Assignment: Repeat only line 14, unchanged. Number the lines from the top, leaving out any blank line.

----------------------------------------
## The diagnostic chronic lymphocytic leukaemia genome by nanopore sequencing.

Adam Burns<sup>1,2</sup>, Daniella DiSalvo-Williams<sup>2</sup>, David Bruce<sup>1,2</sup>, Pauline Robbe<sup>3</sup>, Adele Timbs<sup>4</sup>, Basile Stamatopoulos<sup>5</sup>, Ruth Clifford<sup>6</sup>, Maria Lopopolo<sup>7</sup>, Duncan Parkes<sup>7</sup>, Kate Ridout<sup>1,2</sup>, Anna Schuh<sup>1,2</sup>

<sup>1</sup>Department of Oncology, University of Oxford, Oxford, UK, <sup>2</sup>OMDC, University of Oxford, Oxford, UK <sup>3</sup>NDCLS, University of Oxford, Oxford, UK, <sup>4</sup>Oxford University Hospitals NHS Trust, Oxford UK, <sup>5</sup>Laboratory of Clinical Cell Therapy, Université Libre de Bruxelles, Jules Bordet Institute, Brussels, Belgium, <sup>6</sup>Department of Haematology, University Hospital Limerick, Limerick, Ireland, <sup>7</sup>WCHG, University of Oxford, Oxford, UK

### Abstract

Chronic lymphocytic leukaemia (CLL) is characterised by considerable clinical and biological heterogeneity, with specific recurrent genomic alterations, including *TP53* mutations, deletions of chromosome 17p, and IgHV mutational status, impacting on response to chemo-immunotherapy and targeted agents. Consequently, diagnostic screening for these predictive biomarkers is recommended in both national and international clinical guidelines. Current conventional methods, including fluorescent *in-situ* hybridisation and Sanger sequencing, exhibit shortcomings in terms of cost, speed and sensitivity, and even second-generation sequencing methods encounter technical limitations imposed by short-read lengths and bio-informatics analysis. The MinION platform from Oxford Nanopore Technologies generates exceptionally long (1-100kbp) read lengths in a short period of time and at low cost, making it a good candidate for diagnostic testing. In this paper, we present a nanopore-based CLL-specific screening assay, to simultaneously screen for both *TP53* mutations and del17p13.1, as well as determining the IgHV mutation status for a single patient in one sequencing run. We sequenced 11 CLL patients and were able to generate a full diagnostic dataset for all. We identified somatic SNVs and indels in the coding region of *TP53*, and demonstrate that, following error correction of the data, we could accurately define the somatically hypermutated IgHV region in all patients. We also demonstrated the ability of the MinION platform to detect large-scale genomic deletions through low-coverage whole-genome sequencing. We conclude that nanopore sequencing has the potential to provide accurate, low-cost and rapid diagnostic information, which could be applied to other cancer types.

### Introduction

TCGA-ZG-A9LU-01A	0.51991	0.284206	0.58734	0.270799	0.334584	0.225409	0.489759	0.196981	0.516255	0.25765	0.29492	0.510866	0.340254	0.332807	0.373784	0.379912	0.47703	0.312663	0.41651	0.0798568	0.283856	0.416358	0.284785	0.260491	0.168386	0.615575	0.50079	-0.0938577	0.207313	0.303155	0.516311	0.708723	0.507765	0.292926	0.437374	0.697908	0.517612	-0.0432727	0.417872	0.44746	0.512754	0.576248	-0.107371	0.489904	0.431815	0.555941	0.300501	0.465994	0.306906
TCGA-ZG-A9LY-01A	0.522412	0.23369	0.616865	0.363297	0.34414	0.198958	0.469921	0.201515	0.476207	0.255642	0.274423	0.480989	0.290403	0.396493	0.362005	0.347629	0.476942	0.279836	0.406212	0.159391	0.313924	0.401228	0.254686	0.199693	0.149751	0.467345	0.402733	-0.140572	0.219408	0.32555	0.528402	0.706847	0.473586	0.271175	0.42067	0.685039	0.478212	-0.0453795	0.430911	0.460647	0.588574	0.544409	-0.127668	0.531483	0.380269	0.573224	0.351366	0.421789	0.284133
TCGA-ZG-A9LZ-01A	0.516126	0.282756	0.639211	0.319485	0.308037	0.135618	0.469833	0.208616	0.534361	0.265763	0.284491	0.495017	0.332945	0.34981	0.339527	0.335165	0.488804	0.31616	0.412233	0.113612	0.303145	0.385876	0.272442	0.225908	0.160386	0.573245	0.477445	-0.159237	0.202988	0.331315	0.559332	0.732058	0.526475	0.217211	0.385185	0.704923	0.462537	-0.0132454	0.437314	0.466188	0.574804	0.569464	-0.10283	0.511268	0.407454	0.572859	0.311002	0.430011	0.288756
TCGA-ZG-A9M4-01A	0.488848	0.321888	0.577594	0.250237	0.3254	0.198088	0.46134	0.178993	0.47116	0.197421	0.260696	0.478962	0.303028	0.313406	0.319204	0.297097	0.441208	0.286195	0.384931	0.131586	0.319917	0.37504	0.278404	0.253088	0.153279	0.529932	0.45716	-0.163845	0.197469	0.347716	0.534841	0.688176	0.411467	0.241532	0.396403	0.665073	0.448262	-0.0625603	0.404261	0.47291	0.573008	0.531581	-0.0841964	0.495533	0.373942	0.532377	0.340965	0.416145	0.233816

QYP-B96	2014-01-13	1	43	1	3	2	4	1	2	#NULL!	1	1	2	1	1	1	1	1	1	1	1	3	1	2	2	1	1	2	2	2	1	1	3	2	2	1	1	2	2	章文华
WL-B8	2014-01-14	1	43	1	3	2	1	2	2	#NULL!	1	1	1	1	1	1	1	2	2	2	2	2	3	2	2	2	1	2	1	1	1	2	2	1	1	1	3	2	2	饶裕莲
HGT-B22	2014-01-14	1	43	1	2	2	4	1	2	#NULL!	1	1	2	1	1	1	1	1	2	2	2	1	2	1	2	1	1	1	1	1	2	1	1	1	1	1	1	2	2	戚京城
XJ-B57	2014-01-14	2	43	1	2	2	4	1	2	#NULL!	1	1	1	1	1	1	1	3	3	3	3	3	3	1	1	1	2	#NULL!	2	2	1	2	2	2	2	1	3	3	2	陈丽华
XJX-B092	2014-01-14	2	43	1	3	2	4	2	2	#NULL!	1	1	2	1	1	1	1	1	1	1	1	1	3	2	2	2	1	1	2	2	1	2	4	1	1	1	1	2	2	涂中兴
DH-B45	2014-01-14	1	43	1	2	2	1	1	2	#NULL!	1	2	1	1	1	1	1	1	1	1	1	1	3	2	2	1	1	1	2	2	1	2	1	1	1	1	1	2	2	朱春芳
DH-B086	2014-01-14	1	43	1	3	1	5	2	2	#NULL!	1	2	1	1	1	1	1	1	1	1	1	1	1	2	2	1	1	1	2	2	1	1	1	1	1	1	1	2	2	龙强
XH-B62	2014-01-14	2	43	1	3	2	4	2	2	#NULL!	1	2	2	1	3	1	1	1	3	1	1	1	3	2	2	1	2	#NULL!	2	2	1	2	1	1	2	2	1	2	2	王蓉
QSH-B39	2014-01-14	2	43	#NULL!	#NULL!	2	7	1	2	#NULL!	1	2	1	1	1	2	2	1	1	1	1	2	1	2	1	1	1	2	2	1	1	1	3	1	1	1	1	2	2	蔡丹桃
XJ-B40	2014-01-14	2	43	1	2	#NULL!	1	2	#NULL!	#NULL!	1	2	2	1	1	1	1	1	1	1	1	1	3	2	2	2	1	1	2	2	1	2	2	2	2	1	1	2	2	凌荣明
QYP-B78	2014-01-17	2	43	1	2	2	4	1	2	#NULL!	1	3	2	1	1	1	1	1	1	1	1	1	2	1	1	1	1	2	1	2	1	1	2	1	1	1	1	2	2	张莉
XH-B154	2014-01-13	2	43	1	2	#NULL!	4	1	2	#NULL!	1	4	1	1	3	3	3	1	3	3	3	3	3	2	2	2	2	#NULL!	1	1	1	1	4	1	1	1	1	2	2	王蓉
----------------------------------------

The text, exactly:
XJ-B57	2014-01-14	2	43	1	2	2	4	1	2	#NULL!	1	1	1	1	1	1	1	3	3	3	3	3	3	1	1	1	2	#NULL!	2	2	1	2	2	2	2	1	3	3	2	陈丽华